Who Is a “Terrorist”?

The U.S. drone program is unmistakably utilized as a tactic against “terrorism,” with officials in both the Bush and Obama Administrations consistently employing the term in speeches, memorandums, and government reports on national security and the “war on terror.” However, in the time since the Obama Administration openly acknowledged the existence of the program, its officials have been careful to publicly define the “enemy” in the current conflict to be al Qaedaand its associated forces—and certainly more restrained than the rhetoric employed by the Bush Administration. Still, President Obama and his representatives continue to refer to “terrorism,” “terrorists,” and “terrorist threats” and expand their scope far beyond the “core” of al Qaeda in the AfPak region, which analysts say is currently all but destroyed. To whom exactly are those officials referring when they describe the terrorists who threaten the United States? Remember the clichéd phrase, “one man’s terrorist is another’s freedom fighter.” A decade on from 9/11, there is still little agreement—domestically or internationally—on what the definition of terrorism is and who can be objectively described as a terrorist. The term’s subjective and usually pejorative use makes it difficult to employ in any type of legal standard, further complicating efforts to better define the scope of the right to kill.

Defining “terrorism”

What may come as a surprise to many is that there is no universally accepted definition for the word “terrorism.” Even the United States Government cannot agree on one. The Department of Defense defines terrorism as follows: “the calculated use of unlawful violence or threat of unlawful violence to inculcate fear; intended to coerce or to intimidate governments or societies in pursuit of goals that are generally political, religious, or ideological.” However, the State Department focuses on the political nature of terrorism and specifies that only non-state actors may commit terrorist acts. The FBI includes property as a legitimate target of terrorism and highlights the illegality of terrorism as a violation of criminal code. The international community of UN Member States has never agreed on a definition, in part because of concerns over separating terrorism from a non-state entity’s fight for self-determination. Academics are no more successful in defining terrorism. In the 1980s, terrorism researcher and professor Alex Schmid examined over 100 definitions offered by various scholars, and post-9/11 that number can only have grown. There are common elements in every definition—violence, fear, coercion—but the differences also reflect the varying agendas of each entity and remind us that what constitutes terrorism can be highly subjective.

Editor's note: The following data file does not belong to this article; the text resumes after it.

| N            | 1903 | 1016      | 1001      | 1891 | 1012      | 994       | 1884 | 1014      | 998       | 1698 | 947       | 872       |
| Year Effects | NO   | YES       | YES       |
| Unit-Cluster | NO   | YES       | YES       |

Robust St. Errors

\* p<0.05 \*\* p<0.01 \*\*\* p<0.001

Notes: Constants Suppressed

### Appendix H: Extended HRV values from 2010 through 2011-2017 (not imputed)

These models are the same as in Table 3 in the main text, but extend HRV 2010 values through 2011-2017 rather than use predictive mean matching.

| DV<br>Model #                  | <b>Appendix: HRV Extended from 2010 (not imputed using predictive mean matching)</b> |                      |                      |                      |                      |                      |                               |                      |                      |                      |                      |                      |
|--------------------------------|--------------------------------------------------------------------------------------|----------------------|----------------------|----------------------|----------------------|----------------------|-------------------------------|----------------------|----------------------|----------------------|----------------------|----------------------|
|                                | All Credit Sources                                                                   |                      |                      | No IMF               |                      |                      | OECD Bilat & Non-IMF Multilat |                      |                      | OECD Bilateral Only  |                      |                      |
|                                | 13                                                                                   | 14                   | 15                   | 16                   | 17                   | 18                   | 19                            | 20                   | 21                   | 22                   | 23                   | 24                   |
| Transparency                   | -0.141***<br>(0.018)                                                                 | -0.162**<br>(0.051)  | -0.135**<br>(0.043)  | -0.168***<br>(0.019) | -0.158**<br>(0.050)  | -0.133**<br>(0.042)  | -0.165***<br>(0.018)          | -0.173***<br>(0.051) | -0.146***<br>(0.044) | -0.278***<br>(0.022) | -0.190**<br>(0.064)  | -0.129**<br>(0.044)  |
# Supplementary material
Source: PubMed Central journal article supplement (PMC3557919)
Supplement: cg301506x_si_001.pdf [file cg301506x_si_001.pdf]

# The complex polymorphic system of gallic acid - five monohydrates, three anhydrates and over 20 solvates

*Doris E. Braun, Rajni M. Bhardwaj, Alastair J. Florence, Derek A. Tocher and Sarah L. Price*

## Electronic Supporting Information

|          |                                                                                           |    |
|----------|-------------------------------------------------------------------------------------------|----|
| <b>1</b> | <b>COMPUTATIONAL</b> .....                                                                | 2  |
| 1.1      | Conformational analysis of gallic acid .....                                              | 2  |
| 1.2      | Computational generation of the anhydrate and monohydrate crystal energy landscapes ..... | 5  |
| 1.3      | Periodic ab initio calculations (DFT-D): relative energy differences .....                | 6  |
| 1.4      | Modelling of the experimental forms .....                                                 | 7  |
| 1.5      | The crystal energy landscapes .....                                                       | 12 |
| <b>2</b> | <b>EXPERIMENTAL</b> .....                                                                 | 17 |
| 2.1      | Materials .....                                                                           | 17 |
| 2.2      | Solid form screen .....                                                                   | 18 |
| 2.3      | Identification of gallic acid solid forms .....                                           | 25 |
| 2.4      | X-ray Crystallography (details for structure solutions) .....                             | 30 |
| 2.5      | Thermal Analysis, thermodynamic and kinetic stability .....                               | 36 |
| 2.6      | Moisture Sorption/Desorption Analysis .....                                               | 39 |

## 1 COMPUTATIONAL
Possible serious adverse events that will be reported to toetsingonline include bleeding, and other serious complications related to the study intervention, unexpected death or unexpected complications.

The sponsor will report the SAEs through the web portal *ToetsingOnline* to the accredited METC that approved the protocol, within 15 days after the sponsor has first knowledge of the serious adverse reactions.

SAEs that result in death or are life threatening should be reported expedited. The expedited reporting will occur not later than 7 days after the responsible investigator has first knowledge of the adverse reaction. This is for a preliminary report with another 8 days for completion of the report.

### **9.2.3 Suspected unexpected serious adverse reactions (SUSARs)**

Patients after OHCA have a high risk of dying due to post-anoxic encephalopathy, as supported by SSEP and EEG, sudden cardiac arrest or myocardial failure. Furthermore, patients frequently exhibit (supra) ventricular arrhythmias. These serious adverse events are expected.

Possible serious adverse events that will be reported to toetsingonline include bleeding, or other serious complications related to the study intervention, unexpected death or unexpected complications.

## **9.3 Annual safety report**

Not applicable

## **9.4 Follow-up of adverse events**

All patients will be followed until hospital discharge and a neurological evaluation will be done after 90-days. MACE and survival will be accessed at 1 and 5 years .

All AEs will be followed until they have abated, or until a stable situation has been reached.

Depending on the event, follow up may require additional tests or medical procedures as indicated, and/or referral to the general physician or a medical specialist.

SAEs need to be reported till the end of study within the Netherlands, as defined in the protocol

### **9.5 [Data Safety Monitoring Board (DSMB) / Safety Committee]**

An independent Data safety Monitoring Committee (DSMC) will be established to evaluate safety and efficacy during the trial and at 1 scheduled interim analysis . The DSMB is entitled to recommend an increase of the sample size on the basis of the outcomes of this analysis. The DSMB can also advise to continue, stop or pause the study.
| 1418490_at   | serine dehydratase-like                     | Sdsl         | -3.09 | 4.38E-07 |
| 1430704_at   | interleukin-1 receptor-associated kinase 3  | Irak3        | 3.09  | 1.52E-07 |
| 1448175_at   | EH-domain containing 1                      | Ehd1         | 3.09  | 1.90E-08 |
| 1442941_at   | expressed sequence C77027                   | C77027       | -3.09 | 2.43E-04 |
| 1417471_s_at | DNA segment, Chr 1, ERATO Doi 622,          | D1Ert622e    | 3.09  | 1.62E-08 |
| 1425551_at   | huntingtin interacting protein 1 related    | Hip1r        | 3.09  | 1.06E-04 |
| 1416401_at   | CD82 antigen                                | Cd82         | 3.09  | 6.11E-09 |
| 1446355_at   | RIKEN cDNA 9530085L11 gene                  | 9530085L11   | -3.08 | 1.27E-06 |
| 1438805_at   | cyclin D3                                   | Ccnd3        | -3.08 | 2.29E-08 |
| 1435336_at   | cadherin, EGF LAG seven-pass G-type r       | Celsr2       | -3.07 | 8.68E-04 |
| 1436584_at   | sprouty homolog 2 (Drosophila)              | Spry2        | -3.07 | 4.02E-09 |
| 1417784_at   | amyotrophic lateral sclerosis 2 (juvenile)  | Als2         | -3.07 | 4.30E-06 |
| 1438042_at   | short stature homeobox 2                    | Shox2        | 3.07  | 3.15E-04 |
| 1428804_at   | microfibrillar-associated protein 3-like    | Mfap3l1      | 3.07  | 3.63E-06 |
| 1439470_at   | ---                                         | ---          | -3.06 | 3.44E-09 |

The implications of an ambiguous definition of terrorism

In the global war on terror (even if it is not officially called that anymore), there is often the perception that anyone labeled a “terrorist” could potentially be a target for extrajudicial killing, and this of course raises several critical concerns. Among them are the issues of subjectivity discussed above, which have both present and future consequences. Citing a study by the New America Foundation, Jane Mayer of the New Yorker notes that only six of the 41 drone strikesconducted by the Obama Administration through mid-2009 in Pakistan targeted al Qaeda members. Eighteen were directed at Pakistani Taliban targets, many of whom were low-level militants. Pakistan’s Taliban (aka Tehrik-i-Taliban Pakistan) is fundamentally distinct from the Afghan Taliban; the Pakistani Taliban almost exclusively attacks targets in Pakistan as they consider themselves to be engaged in battle with the Pakistani State. Members of the Pakistani Taliban are violent Islamist extremists and engage in terrorist attacks, but their primary enemy is the State of Pakistan although they still undermine U.S. interests indirectly (the group was designated a foreign terrorist organization by the State Department in 2010). How can members of the Pakistani Taliban be considered legitimate targets for U.S. drone strikes if they are not “our terrorists”? The U.S. may risk being dragged into fundamentally internal conflicts in its pursuit of “terrorists.”

A potential longer term consequence of a war on “terrorism” is what may happen if we do not agree with another state’s classification of its terrorists. For example, many countries call their political dissidents “terrorists.” Would a government that could not otherwise arrest a dissident or separatist in its own territory retain the right to strike at an individual merely because it deems him to be a terrorist who poses a perceived security threat? This question may also be extended a step further—what if the “terrorist” is in another territory, and that state is unwilling to apprehend that individual because it disagrees that he is a “terrorist”? Could the first state launch a drone strike into the second without violating its sovereignty because it could argue that the first was “unable” or “unwilling” to detain a person or group it considered to be “terrorists”? The subjective nature of the term “terrorism” means it is often invoked for rhetorical purposes as much as it is used accurately, but its ambiguous definition has serious implications when it can be used to justify lethal operations in a variety of circumstances.